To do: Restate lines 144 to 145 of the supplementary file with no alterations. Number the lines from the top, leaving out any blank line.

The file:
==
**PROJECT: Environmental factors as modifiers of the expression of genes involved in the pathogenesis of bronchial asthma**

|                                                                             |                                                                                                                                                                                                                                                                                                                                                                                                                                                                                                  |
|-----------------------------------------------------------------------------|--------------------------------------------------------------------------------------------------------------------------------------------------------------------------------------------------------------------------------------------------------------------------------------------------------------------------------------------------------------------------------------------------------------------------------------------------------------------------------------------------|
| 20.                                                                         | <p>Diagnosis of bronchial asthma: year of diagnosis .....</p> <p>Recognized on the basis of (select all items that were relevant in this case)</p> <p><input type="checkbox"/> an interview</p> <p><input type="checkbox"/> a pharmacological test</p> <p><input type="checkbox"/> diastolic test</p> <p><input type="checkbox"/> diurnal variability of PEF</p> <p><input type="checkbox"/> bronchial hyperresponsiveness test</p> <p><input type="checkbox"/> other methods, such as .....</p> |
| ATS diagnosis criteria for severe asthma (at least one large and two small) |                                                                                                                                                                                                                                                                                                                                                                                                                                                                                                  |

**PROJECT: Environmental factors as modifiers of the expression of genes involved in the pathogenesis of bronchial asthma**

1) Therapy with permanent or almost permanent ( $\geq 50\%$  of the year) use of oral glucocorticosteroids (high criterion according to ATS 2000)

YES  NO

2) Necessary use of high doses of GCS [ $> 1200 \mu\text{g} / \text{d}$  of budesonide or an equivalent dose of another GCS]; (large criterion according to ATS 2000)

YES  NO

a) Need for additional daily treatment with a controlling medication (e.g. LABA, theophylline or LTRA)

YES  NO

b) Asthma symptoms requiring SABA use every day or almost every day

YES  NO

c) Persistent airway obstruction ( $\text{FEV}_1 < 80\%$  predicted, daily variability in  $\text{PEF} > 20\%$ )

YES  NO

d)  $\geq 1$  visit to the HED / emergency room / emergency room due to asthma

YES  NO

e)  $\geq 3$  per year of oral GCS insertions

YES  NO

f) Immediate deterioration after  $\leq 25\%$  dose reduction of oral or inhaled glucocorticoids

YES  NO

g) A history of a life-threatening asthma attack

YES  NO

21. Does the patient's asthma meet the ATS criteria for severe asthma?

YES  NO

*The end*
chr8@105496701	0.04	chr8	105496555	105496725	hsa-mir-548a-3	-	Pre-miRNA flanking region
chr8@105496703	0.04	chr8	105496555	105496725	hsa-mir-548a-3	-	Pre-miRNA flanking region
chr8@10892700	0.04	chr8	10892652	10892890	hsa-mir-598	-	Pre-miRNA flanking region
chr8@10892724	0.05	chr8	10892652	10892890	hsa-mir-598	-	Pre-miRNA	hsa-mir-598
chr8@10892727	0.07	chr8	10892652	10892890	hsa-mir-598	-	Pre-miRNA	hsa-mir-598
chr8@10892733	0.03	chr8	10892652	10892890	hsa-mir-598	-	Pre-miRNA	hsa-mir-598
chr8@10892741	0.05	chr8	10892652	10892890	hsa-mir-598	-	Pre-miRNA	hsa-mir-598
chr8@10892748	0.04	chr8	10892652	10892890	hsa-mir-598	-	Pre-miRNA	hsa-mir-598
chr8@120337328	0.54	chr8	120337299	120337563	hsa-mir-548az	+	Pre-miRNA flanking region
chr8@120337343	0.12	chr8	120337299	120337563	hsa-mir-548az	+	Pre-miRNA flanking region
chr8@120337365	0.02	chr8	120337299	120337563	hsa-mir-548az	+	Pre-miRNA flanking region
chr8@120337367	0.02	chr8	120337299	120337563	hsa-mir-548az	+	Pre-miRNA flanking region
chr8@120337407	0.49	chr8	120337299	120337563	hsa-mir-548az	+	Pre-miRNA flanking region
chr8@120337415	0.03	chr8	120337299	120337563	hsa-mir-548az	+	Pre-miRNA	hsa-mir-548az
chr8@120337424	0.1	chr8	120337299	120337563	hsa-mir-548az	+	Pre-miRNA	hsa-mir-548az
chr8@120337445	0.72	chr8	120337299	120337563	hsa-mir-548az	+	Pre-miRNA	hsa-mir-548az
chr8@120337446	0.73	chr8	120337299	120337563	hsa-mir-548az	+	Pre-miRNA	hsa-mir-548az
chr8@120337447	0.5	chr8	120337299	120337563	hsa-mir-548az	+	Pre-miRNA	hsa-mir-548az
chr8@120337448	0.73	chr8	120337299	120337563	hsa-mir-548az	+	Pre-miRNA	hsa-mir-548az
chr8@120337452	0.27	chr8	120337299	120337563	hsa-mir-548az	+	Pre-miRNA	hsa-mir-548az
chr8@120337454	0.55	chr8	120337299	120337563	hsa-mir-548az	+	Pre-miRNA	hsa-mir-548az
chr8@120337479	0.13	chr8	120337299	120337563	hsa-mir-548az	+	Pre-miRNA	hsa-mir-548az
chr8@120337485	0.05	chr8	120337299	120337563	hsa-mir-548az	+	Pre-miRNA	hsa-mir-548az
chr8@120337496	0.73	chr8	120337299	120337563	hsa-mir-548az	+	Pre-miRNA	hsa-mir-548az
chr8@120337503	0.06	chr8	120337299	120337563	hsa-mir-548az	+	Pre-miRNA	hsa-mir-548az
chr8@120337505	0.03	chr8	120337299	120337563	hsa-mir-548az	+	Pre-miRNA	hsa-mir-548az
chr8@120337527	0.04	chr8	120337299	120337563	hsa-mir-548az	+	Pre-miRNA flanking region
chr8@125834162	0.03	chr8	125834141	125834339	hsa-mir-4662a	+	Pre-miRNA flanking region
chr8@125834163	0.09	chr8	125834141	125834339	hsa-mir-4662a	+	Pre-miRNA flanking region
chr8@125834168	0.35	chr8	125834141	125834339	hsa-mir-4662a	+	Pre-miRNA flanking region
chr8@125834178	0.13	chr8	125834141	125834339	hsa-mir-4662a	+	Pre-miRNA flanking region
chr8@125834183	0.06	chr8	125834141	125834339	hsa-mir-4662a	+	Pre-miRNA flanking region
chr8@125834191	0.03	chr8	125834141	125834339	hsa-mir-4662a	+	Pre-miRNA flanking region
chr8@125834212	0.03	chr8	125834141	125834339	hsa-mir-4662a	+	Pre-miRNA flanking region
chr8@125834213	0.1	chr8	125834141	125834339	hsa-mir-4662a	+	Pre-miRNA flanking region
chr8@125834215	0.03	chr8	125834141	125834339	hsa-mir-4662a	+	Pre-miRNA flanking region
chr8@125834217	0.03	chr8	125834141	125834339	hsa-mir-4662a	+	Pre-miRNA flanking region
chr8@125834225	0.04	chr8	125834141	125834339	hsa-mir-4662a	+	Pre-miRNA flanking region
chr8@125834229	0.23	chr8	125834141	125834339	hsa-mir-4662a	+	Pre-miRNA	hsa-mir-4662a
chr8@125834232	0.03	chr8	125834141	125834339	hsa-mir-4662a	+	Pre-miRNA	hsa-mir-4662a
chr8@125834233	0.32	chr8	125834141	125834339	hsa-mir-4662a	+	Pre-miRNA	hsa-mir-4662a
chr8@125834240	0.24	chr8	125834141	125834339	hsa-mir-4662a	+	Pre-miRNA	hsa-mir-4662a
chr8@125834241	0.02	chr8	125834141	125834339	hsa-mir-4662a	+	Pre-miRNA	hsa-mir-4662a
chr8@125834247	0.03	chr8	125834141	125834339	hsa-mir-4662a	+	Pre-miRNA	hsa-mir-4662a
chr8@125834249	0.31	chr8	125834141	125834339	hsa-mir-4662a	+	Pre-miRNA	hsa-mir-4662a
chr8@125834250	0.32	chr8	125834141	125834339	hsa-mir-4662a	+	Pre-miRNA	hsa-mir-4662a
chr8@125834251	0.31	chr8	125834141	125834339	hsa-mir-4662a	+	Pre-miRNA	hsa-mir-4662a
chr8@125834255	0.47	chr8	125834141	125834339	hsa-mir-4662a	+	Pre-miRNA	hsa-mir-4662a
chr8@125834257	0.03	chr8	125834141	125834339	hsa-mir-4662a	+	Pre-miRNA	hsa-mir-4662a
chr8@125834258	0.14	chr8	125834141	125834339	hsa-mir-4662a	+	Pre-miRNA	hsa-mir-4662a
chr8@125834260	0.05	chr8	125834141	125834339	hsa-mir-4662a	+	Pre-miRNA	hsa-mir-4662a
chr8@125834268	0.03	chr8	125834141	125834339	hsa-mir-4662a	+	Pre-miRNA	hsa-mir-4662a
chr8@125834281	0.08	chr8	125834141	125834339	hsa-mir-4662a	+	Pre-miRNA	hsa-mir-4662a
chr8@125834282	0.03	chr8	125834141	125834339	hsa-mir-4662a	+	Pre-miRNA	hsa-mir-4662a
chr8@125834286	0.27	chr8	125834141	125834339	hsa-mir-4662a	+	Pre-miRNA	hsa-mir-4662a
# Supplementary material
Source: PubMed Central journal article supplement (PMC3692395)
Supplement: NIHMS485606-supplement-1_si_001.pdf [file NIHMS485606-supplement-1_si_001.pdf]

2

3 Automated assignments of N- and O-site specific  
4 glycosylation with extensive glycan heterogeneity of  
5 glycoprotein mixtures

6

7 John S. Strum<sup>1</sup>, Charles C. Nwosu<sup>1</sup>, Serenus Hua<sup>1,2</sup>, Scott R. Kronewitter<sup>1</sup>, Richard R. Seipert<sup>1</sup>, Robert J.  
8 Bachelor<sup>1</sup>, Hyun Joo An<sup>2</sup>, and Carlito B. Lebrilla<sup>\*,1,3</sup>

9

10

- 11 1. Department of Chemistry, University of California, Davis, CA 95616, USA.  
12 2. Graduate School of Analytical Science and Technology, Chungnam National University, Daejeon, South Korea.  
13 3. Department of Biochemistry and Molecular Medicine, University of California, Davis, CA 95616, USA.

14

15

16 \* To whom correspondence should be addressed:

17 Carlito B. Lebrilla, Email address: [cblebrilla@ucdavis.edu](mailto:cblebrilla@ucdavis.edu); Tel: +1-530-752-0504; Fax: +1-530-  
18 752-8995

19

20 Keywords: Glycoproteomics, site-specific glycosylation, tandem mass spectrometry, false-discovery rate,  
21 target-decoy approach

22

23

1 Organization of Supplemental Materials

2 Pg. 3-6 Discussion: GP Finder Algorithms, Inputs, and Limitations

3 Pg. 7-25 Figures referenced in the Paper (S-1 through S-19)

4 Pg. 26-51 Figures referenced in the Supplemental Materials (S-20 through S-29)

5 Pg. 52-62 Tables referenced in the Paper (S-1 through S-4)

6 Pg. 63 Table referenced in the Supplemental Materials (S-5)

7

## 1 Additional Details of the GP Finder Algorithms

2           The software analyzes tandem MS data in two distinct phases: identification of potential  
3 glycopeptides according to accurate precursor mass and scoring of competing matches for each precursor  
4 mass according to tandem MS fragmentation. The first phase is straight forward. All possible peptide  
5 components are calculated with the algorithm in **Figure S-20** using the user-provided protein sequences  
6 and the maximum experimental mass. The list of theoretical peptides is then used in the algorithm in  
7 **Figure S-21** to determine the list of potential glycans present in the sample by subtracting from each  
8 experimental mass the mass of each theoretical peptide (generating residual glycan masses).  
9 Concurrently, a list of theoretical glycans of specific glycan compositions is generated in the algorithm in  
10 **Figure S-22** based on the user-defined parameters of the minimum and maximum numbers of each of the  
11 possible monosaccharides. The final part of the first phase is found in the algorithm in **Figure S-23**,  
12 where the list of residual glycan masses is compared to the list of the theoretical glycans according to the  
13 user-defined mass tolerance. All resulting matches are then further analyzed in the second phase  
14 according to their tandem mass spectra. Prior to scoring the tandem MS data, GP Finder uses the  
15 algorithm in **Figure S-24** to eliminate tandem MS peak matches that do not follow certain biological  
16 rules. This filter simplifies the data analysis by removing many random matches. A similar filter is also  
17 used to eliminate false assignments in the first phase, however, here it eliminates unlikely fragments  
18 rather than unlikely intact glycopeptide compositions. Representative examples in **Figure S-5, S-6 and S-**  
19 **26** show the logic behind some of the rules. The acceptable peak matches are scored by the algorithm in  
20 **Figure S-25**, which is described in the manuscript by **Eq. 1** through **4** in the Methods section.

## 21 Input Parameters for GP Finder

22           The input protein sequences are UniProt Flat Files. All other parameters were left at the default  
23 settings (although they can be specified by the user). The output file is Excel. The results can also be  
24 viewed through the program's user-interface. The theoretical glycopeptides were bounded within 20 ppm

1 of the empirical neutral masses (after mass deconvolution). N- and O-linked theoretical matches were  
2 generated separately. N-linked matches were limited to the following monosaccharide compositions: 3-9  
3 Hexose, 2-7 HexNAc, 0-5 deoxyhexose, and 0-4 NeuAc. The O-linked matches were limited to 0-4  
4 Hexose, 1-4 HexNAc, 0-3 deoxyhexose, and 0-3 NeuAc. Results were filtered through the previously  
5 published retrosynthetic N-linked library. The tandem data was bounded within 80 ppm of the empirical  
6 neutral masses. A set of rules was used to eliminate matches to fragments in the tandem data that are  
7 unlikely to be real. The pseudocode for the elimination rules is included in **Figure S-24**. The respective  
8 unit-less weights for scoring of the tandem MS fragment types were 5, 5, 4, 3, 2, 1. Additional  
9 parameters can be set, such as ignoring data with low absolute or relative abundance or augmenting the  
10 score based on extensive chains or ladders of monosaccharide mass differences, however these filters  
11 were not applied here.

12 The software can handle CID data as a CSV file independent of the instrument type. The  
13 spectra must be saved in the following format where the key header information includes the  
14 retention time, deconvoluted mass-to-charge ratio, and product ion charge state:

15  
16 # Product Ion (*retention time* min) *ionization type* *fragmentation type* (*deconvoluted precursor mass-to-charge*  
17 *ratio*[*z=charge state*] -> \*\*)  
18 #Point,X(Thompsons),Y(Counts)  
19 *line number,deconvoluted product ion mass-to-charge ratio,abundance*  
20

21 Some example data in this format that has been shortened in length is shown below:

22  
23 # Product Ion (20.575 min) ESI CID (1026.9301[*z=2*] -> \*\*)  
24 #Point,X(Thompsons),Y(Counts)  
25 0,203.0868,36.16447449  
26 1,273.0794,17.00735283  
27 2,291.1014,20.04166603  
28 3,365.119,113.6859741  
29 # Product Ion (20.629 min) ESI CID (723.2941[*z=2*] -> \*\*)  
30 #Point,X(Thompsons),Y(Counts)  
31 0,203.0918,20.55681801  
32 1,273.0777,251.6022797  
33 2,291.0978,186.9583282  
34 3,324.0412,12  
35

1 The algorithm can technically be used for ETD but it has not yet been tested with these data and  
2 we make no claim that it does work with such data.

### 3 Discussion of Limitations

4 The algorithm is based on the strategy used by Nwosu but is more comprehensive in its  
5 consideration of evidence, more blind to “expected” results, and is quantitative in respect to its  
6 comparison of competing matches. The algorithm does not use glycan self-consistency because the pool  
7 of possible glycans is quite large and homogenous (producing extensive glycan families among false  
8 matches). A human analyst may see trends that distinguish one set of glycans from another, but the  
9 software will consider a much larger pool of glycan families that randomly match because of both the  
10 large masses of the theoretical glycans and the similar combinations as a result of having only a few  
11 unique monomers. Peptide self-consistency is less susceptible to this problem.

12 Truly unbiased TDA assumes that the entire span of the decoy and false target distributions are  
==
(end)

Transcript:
6 neutral masses. A set of rules was used to eliminate matches to fragments in the tandem data that are  
7 unlikely to be real. The pseudocode for the elimination rules is included in **Figure S-24**. The respective  